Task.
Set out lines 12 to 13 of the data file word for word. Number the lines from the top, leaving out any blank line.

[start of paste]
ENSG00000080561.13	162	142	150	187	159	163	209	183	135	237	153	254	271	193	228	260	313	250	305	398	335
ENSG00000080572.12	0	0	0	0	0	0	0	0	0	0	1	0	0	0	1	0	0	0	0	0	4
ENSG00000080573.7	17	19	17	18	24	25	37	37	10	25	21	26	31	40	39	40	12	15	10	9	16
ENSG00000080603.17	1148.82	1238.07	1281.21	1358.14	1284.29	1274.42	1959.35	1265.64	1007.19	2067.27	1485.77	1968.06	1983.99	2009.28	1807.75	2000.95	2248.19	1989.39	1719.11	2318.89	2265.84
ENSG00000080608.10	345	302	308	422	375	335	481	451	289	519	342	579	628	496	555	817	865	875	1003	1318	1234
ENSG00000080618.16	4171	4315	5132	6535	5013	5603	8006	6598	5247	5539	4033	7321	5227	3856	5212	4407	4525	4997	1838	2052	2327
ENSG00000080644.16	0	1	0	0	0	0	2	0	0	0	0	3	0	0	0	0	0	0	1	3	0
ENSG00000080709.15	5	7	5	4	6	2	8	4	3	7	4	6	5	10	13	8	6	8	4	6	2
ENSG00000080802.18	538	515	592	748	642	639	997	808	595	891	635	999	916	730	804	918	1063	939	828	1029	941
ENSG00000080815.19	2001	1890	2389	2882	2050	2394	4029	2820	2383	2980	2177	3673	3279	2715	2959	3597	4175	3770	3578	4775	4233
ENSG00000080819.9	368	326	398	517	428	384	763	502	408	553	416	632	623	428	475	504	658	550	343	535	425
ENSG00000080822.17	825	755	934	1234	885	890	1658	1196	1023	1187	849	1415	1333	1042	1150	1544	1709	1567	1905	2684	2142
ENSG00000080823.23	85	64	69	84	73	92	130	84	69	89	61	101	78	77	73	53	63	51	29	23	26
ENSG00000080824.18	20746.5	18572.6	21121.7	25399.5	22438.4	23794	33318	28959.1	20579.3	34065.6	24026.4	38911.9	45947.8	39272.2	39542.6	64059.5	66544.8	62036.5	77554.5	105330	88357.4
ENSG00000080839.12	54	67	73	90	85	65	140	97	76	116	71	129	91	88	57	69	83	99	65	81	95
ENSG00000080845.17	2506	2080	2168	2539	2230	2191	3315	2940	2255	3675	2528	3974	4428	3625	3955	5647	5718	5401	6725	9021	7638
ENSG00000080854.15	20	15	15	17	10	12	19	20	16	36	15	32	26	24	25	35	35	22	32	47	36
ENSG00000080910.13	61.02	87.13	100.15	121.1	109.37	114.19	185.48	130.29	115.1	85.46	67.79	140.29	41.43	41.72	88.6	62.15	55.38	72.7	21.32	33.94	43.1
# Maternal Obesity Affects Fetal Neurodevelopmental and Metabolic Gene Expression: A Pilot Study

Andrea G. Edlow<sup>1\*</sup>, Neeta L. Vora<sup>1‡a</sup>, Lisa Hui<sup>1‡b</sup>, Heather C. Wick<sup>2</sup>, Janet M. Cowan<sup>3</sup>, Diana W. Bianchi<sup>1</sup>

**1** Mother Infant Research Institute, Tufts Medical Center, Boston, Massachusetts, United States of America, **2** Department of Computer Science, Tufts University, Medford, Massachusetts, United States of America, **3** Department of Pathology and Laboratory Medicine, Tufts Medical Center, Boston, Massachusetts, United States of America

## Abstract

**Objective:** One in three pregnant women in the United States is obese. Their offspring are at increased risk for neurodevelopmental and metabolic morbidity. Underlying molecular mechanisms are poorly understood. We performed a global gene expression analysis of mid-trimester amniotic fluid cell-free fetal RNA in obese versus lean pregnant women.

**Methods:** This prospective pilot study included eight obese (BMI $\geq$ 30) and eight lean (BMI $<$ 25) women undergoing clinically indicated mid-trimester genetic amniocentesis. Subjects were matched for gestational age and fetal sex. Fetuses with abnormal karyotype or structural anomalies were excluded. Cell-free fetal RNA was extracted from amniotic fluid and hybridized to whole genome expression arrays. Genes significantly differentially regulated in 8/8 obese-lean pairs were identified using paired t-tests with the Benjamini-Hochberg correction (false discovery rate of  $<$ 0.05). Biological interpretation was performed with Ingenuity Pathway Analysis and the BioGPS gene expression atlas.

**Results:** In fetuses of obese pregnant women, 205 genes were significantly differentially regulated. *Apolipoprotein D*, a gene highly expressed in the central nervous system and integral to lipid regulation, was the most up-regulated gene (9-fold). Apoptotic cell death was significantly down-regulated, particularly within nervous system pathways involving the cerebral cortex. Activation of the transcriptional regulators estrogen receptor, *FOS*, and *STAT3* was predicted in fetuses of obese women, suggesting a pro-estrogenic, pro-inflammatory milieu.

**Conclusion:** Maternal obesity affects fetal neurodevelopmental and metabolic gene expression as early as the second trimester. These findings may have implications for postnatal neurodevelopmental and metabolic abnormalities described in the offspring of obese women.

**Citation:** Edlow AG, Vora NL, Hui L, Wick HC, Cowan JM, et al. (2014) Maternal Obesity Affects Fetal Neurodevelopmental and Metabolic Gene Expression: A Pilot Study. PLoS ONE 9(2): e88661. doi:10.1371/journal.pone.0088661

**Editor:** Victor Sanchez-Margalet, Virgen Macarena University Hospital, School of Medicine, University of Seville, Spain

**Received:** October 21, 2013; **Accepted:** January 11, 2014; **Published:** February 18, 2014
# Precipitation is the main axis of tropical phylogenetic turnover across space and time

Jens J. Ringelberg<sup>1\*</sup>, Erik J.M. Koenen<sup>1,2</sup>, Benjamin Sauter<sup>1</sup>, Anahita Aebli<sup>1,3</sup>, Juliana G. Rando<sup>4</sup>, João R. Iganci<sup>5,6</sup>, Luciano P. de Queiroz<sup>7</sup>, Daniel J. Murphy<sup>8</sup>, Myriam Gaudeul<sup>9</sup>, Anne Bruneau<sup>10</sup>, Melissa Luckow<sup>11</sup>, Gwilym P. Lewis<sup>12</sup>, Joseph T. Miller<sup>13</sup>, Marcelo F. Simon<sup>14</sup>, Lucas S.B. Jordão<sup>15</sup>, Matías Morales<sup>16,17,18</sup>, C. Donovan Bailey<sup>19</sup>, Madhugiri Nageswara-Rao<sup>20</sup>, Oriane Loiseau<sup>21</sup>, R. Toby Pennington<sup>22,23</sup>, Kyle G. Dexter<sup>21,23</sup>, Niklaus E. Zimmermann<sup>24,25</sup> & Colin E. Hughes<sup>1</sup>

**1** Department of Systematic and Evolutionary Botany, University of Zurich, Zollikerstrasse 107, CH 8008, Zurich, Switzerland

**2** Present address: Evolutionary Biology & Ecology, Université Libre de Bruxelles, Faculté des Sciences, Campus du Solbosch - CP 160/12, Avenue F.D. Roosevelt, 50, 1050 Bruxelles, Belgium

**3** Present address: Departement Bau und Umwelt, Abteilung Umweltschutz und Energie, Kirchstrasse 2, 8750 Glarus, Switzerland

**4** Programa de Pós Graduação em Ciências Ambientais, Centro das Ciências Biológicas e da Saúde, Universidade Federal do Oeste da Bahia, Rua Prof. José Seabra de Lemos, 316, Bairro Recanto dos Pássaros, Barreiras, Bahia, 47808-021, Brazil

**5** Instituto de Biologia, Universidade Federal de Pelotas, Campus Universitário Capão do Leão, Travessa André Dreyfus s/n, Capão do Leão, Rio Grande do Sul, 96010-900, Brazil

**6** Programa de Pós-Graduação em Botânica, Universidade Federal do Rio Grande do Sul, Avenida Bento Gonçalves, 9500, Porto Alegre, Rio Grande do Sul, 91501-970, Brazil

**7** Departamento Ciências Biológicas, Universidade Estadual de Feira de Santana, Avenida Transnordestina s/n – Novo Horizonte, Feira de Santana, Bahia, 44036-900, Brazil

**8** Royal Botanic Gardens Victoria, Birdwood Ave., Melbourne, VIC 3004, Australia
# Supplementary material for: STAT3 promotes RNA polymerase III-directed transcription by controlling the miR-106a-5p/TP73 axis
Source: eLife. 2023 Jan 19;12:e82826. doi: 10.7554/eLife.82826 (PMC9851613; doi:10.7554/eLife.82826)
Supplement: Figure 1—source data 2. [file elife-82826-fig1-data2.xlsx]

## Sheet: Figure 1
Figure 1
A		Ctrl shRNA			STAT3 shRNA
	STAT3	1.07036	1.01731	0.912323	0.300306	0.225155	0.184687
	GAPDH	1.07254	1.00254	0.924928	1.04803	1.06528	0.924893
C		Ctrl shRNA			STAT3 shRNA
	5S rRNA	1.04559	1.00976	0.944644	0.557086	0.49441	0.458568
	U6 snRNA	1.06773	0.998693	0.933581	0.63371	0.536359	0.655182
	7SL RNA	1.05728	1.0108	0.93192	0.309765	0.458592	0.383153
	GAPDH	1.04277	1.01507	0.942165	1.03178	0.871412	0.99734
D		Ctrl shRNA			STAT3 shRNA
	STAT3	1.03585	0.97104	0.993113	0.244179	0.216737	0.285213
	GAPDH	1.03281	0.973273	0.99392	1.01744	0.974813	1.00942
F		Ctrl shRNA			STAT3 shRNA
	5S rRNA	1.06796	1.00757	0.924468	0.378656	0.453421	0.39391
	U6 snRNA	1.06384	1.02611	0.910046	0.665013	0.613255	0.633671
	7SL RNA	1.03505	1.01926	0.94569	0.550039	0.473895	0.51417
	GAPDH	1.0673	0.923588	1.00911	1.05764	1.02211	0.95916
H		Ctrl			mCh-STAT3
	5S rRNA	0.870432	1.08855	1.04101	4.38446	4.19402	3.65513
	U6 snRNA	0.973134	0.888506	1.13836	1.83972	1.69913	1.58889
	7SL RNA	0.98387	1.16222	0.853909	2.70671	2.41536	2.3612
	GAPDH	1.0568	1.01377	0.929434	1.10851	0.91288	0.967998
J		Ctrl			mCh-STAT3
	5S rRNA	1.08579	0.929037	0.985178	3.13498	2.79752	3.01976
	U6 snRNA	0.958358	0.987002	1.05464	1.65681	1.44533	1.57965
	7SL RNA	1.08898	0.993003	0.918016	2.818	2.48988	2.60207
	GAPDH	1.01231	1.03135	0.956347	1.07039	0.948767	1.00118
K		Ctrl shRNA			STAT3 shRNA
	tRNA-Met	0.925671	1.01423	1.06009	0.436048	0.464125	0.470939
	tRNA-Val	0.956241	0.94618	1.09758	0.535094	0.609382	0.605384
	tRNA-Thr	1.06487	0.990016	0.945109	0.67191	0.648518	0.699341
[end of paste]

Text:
ENSG00000080822.17	825	755	934	1234	885	890	1658	1196	1023	1187	849	1415	1333	1042	1150	1544	1709	1567	1905	2684	2142
ENSG00000080823.23	85	64	69	84	73	92	130	84	69	89	61	101	78	77	73	53	63	51	29	23	26